Author(s): Coelho AC, Leprohon P, Ouellette M
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Abstract Genetic exchange is a powerful tool to study gene function in microorganisms. Here, we tested the feasibility of generating Leishmania hybrids by electroporating genomic DNA of donor cells into recipient Leishmania parasites. The donor DNA was marked with a drug resistance marker facilitating the selection of DNA transfer into the recipient cells. The transferred DNA was integrated exclusively at homologous locus and was as large as 45 kb. The independent generation of L. infantum hybrids with L. major sequences was possible for several chromosomal regions. Interfering with the mismatch repair machinery by inactivating the MSH2 gene enabled an increased efficiency of recombination between divergent sequences, hence favouring the selection of hybrids between species. Hybrids were shown to acquire the phenotype derived from the donor cells, as demonstrated for the transfer of drug resistance genes from L. major into L. infantum. The described method is a first step allowing the generation of in vitro hybrids for testing gene functions in a natural genomic context in the parasite Leishmania.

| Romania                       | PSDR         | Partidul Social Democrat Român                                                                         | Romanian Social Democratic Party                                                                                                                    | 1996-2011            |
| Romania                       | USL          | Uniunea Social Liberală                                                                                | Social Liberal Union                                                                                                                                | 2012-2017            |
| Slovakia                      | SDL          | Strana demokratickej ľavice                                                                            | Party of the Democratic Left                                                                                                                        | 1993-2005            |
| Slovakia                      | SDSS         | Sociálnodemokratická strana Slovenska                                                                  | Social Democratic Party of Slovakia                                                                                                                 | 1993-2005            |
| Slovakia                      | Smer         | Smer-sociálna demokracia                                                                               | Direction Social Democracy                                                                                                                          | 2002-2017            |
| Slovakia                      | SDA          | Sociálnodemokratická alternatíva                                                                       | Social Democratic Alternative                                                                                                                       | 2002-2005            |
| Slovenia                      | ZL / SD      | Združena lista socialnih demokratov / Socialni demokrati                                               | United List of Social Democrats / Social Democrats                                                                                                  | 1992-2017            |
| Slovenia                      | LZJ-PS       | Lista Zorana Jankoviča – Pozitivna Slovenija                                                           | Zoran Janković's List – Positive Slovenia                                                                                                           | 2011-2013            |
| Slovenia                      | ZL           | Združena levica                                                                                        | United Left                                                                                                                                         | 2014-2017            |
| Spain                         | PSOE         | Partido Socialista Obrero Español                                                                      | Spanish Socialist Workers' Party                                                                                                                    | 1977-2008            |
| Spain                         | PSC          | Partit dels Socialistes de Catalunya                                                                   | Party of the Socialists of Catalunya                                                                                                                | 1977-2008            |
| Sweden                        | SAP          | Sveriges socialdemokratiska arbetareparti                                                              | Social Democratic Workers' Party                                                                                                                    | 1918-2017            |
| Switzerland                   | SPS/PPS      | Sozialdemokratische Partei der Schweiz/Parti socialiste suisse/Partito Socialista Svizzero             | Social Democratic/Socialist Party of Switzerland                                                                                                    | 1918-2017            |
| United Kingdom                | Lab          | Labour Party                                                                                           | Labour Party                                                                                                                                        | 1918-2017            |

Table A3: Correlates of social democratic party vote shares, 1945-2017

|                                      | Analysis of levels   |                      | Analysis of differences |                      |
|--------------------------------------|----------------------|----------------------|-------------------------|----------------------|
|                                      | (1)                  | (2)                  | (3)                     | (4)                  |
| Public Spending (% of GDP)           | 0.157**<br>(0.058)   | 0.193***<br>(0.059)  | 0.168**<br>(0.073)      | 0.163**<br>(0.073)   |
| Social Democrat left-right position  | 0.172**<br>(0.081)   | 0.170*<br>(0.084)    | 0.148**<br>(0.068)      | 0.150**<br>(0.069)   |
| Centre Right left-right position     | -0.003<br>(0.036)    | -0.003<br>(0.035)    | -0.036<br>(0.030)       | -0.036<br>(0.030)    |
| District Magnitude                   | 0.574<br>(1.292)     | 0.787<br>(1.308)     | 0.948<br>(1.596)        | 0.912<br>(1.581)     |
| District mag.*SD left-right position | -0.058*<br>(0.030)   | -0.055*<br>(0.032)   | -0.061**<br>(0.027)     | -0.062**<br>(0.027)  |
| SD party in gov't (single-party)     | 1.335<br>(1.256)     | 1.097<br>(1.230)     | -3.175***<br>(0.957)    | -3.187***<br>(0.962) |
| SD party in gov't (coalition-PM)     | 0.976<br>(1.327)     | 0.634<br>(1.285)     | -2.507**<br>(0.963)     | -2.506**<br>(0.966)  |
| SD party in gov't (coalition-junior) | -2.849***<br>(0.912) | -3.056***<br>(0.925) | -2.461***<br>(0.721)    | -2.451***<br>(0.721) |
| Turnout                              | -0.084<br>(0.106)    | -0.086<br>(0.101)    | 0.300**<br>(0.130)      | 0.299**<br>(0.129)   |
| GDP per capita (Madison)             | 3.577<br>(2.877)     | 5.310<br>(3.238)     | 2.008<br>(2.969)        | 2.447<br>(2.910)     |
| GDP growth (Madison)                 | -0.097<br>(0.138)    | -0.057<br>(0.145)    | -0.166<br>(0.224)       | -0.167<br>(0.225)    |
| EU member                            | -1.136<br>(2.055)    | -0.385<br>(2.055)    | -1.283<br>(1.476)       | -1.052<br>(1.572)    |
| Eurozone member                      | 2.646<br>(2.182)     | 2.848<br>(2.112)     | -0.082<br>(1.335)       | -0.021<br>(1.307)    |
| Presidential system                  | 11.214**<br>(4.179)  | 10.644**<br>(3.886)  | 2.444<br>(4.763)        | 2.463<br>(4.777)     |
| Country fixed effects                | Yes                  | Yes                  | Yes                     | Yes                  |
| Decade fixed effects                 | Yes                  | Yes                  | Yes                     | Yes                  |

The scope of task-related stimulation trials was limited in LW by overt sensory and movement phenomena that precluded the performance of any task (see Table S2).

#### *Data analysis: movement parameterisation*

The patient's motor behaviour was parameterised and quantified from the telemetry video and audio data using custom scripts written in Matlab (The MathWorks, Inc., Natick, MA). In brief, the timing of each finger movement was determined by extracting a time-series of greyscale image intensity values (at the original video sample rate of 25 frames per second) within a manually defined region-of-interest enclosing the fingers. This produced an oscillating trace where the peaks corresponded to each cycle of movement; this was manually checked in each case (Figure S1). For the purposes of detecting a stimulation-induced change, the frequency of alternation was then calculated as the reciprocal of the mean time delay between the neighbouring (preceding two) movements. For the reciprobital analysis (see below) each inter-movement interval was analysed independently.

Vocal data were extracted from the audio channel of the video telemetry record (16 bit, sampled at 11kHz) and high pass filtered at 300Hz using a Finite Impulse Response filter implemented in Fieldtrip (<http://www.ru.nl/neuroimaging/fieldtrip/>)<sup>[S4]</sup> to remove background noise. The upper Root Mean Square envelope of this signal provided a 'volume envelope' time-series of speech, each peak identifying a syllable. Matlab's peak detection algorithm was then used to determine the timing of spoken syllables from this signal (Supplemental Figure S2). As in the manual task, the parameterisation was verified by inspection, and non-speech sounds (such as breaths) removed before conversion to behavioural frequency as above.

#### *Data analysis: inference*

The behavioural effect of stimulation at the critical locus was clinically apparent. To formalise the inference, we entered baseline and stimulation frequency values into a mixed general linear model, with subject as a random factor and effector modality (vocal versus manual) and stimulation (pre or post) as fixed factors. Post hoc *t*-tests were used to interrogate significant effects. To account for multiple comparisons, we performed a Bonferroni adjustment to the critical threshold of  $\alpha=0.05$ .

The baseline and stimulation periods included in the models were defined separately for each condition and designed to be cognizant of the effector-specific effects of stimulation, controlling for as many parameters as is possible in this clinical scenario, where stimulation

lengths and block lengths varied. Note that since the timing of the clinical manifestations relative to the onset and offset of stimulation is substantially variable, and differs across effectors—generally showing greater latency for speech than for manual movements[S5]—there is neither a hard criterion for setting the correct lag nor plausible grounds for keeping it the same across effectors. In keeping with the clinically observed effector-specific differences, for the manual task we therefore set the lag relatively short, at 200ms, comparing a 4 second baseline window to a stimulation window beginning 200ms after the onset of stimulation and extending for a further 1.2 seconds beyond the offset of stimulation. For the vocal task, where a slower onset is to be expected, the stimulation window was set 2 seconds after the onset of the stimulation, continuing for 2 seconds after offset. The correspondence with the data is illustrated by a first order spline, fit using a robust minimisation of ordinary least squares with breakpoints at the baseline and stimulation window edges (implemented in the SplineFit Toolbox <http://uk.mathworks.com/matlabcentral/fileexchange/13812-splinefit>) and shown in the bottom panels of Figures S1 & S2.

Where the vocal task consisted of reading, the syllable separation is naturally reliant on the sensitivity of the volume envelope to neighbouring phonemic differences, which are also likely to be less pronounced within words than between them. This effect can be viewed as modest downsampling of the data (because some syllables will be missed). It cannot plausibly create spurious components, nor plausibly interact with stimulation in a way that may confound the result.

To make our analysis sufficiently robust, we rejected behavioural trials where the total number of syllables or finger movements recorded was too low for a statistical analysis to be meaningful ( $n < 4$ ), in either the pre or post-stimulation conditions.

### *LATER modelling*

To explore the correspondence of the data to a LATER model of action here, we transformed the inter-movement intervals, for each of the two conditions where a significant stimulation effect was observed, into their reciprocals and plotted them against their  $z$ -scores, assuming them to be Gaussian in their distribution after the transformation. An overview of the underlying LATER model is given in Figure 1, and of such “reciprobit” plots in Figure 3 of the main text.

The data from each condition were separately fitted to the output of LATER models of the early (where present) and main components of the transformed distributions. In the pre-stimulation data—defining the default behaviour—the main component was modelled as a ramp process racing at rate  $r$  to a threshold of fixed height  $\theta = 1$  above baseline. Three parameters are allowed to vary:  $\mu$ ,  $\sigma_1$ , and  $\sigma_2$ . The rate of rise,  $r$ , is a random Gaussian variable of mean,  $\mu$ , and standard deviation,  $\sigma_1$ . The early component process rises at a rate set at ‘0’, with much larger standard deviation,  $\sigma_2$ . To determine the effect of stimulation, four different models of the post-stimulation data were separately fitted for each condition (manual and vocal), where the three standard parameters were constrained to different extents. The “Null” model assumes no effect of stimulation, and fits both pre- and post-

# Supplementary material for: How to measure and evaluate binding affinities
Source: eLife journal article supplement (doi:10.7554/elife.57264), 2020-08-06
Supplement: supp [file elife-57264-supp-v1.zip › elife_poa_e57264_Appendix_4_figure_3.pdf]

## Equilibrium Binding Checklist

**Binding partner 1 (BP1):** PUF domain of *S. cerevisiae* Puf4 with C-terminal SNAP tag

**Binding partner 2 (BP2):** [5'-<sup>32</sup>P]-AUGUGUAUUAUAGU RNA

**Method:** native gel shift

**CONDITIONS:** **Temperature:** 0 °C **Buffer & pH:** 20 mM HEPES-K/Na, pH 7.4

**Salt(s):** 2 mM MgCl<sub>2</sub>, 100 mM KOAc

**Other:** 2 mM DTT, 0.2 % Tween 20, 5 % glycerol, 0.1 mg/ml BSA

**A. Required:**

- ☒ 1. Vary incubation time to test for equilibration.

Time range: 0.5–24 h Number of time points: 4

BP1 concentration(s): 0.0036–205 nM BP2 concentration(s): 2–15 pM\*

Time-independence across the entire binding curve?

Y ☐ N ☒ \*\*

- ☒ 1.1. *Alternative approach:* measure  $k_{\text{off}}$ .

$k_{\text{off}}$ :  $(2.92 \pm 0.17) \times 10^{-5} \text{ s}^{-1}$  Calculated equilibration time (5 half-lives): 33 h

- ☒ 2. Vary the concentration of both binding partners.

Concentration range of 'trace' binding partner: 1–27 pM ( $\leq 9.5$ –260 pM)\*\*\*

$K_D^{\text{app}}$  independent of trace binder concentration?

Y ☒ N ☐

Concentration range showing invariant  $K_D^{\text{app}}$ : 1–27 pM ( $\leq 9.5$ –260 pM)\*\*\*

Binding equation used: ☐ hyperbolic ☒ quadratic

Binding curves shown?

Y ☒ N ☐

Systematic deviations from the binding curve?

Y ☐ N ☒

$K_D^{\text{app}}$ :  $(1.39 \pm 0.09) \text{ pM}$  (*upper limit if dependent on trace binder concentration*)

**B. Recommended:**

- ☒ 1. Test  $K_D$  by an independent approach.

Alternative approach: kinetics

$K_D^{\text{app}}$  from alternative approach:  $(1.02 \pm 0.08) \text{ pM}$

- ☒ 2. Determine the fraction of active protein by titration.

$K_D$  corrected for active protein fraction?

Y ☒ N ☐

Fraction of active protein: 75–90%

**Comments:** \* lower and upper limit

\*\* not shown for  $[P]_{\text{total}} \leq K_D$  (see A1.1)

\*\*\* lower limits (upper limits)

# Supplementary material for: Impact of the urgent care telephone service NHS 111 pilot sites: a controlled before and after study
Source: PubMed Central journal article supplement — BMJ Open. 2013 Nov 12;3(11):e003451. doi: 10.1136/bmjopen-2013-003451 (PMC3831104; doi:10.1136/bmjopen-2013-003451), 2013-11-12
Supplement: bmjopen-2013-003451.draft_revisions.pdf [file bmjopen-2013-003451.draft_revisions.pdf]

This article was published in PLoS Negl Trop Dis
and referenced in Journal of Tropical Diseases & Public Health